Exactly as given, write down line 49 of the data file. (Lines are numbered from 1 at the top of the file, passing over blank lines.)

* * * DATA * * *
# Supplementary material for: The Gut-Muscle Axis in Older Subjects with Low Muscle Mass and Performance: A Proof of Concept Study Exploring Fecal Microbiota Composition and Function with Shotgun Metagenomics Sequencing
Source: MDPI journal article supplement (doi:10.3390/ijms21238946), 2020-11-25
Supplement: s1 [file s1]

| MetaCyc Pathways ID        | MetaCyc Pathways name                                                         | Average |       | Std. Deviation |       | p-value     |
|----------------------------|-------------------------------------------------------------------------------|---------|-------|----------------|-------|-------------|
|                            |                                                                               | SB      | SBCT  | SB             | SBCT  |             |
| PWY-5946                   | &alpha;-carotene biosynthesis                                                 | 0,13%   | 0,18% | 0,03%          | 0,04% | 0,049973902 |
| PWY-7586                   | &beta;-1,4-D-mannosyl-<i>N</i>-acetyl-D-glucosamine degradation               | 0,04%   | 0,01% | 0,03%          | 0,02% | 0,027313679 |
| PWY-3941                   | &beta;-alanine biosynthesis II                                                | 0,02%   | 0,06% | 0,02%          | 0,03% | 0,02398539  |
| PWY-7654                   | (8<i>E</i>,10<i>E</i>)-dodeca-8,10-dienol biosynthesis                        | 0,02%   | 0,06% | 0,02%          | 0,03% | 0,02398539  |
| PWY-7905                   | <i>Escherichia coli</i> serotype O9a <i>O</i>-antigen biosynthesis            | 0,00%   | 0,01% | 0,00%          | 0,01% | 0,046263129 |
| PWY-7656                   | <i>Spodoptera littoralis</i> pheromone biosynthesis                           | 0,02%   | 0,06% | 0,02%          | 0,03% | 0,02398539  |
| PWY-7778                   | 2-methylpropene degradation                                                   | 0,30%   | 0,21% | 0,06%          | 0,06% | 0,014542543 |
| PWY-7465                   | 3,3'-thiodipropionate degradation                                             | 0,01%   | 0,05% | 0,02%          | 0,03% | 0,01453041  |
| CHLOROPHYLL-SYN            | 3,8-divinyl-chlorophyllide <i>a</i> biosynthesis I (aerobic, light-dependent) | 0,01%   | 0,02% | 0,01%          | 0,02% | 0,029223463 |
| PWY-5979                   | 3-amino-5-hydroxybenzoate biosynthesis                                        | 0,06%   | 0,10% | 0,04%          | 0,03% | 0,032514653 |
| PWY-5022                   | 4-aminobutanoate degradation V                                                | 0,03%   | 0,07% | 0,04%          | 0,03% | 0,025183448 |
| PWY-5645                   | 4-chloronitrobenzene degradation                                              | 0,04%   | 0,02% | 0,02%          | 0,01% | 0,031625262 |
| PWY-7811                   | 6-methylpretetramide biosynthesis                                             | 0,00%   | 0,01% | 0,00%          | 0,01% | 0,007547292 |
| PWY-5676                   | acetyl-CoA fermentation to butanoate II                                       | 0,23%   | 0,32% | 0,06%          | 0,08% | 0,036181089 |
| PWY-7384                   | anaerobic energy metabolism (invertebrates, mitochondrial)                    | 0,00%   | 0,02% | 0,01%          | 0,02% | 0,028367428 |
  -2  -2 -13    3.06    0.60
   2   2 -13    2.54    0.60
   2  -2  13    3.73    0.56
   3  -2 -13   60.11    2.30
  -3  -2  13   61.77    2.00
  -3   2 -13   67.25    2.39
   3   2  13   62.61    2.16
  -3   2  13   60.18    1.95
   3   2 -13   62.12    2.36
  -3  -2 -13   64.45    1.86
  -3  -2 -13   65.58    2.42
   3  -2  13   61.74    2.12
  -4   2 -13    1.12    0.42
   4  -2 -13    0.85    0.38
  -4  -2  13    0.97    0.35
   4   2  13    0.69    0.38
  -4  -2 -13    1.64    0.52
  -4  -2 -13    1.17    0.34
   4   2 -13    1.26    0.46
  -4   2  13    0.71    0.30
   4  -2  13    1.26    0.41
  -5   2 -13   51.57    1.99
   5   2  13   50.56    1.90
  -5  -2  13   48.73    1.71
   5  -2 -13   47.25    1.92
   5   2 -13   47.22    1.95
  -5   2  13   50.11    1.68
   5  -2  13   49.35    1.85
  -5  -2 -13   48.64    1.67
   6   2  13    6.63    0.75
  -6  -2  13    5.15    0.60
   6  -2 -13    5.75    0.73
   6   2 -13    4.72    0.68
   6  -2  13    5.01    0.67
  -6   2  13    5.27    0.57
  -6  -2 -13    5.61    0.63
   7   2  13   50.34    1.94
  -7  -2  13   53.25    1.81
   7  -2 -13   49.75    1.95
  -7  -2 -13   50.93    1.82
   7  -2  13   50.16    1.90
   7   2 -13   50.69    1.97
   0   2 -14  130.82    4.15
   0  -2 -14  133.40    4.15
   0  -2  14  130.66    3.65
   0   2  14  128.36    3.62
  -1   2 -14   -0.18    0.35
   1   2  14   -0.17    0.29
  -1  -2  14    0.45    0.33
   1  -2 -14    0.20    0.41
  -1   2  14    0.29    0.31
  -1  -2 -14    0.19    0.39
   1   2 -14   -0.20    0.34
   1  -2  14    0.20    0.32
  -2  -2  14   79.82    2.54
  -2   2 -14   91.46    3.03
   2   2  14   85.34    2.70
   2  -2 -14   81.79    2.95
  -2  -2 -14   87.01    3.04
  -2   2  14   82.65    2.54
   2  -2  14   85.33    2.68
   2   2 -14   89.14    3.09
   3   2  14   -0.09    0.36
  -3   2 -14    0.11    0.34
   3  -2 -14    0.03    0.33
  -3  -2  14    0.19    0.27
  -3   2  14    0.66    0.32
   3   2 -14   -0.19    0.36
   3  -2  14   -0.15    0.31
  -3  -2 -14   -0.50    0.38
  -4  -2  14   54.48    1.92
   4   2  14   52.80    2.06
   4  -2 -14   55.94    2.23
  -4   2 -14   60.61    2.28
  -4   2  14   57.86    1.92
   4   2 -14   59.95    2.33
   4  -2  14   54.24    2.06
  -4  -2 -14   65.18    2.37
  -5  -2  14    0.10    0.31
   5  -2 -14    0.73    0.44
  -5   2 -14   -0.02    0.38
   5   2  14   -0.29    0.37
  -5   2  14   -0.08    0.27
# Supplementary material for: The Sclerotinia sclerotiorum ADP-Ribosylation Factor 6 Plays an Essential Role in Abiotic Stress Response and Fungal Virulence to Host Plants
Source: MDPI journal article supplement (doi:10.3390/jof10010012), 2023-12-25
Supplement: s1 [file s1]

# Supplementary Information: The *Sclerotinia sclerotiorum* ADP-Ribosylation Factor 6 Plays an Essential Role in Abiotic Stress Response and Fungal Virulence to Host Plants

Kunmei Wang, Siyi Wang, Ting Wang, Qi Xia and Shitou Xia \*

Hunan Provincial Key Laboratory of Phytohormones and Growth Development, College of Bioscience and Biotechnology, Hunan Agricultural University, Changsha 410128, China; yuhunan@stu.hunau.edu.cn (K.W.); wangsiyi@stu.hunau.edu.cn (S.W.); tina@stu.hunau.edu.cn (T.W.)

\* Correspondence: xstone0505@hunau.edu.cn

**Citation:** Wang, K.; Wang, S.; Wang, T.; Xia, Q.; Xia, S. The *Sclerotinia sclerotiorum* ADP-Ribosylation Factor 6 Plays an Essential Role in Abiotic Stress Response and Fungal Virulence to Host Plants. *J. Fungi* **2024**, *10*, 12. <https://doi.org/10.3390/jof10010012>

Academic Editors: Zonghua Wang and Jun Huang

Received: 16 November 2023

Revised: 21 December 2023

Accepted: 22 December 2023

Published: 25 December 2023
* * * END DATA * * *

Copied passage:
   5  -2  13   49.35    1.85